City’s agenda posting sufficient under Texas Open Meetings Act says 5th Court of Appeals

Mark Baker v. The City of Farmers Branch, Texas, et al. Cause No. 05-13-01174-CV (Tex. App. –Dallas, July 15, 2014)

This is a Texas Open Meetings Act (“TOMA”) case where the Plaintiff sued to compel compliance of TOMA.

The City settled a Voting Rights Act lawsuit styled Fabela v City of Farmers Branch.  The City posted it would discuss the Fabela lawsuit in executive session. When the Council reconvened after the executive session it approved the settlement. Baker filed suit alleging the agenda posting was insufficient under TOMA and sought an injunction. After an injunction hearing, the trial court determined the notice was sufficient and dismissed Baker’s claims with prejudice. Baker appealed.

The Dallas court of appeals noted the agenda specifically listed an executive session, specifically identified §551.071 to discuss pending litigation with Fabela and listed the cause number. The court disagreed with Baker’s argument the agenda should have listed the City was considering settling the matter, dismissing the appeal, and paying Fabela a lump sum. It held the City properly identified the specific lawsuit and alerted the public to discussions regarding that lawsuit. The law does not require the notice to disclose strategies that might be discussed in the closed session or every consequence which may result from the discussion.  To require the specificity argued by Baker would defeat the purpose of the provision which authorizes private consultations between the governmental body and its attorney.  Baker’s argument that the City had already reached the decision to settle and merely “rubberstamped” the decision in open session. However, even given the City Manager’s statement that the City had an agreement in principle prior to the meeting, Baker failed to establish how any statement establishes the City Council met outside of its posted meeting. The Open Meetings Act does not prohibit the council members from expressing in a closed session how they intend to vote when they go back into open session. As a result, Baker failed to establish any TOMA violation occurred. The trial court properly dismissed his claims.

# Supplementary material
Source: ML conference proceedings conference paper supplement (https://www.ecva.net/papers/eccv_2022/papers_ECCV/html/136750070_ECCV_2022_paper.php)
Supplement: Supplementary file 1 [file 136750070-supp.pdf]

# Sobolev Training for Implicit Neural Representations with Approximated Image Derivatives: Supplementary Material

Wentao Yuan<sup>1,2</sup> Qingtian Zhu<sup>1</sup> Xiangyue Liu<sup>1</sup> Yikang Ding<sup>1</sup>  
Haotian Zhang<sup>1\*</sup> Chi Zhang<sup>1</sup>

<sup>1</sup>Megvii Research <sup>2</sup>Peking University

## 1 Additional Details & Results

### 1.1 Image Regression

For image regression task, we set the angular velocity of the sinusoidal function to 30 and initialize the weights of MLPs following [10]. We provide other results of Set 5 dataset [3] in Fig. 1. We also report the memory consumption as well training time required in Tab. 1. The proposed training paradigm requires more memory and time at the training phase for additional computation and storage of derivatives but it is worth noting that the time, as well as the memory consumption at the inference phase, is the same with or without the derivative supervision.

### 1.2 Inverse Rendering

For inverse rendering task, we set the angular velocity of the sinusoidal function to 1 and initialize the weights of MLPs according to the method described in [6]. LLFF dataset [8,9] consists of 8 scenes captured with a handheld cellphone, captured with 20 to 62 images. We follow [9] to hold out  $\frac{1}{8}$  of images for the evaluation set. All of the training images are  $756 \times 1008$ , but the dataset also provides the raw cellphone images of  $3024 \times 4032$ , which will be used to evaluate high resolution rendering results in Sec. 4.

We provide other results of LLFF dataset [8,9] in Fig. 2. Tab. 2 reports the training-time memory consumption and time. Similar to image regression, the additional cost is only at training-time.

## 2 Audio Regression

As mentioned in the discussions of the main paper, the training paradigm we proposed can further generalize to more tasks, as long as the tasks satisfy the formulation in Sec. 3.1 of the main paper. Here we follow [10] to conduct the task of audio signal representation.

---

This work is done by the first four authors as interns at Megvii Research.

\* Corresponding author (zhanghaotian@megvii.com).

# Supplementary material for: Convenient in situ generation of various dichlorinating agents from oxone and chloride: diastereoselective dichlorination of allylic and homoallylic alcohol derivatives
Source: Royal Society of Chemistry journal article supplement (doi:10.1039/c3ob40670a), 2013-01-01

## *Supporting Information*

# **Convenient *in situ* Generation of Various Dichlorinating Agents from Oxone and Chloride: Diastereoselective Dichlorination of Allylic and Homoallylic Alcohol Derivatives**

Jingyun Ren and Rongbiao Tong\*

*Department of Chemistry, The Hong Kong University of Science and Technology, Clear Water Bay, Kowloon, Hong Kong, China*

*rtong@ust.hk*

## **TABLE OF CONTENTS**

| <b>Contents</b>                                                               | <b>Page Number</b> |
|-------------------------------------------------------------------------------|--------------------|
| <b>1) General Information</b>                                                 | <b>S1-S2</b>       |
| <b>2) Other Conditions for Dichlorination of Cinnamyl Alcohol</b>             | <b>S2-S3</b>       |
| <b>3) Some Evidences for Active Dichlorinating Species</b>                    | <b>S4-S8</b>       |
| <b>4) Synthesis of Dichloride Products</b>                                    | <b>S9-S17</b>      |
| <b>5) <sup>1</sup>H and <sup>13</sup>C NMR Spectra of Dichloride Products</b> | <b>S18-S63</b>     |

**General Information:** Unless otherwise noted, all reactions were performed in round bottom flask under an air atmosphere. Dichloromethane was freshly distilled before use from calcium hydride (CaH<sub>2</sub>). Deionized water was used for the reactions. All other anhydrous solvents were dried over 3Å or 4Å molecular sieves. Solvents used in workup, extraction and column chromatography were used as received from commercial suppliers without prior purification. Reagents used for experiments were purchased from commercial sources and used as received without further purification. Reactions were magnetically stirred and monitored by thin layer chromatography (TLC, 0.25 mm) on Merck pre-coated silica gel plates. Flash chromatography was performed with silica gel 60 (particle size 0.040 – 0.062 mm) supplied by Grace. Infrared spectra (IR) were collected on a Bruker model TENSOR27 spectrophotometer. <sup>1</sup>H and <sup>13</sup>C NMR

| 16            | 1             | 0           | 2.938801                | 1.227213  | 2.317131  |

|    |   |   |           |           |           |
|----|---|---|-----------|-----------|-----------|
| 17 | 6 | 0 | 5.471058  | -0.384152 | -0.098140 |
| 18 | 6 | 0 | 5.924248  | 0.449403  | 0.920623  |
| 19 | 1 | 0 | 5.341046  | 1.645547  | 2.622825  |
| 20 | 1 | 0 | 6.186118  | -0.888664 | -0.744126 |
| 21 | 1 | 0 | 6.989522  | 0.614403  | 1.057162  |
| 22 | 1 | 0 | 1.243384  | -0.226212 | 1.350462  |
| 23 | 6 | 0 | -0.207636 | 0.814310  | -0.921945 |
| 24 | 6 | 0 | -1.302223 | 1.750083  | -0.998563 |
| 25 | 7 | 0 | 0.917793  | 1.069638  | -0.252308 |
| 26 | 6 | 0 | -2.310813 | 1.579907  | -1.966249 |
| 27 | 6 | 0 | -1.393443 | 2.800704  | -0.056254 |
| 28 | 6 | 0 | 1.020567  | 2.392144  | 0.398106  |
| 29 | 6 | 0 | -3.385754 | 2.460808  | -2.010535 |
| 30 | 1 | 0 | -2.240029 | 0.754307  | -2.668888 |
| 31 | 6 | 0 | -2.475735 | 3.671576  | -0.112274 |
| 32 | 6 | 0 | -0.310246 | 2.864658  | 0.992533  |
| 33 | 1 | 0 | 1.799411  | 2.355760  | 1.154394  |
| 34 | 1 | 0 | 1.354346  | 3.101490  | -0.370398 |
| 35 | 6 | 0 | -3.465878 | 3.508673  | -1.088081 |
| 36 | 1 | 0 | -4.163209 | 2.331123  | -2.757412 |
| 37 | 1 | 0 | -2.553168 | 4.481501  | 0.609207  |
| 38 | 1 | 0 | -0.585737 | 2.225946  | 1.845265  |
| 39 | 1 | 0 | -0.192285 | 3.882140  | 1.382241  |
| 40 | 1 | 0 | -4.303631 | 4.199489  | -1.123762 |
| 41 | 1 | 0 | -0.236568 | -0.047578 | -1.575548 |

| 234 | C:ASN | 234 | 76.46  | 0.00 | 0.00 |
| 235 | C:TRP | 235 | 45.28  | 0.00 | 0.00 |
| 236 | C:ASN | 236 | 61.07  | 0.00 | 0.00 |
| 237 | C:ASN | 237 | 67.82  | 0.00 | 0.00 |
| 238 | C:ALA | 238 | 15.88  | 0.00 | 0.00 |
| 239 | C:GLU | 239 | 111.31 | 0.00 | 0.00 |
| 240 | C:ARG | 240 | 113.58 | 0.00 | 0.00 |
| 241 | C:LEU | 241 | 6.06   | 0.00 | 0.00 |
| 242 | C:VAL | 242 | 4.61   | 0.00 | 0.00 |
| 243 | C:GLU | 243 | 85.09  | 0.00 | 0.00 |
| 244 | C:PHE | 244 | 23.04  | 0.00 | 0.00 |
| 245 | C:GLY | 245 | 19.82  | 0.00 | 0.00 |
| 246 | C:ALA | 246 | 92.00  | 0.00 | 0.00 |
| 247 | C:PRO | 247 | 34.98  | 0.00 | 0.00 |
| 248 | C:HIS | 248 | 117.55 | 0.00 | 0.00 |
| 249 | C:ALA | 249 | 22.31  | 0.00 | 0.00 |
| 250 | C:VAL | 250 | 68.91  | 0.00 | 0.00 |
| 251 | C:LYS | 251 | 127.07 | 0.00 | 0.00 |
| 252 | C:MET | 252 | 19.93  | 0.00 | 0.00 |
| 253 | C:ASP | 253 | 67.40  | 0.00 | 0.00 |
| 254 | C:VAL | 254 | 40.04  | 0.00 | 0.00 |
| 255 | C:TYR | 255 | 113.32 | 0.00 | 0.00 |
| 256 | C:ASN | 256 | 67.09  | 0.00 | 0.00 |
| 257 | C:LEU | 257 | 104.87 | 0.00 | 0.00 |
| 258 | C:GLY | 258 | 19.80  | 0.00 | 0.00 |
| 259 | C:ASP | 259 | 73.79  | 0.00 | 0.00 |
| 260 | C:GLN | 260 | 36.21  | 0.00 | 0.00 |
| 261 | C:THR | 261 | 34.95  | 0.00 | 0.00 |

If you would like to read this opinion, click here. Panel: Justice Lang-Miers, Justice Bridges and Justice Francis. Opinion by Justice Lang-Miers. Attorneys for Appellant Mark Baker are Mitchell Madden, Melissa Johnson and Thomas Murto, III. Attorneys for Appellee City of Farmers Branch, Texas are Victoria Thomas and Peter Smith.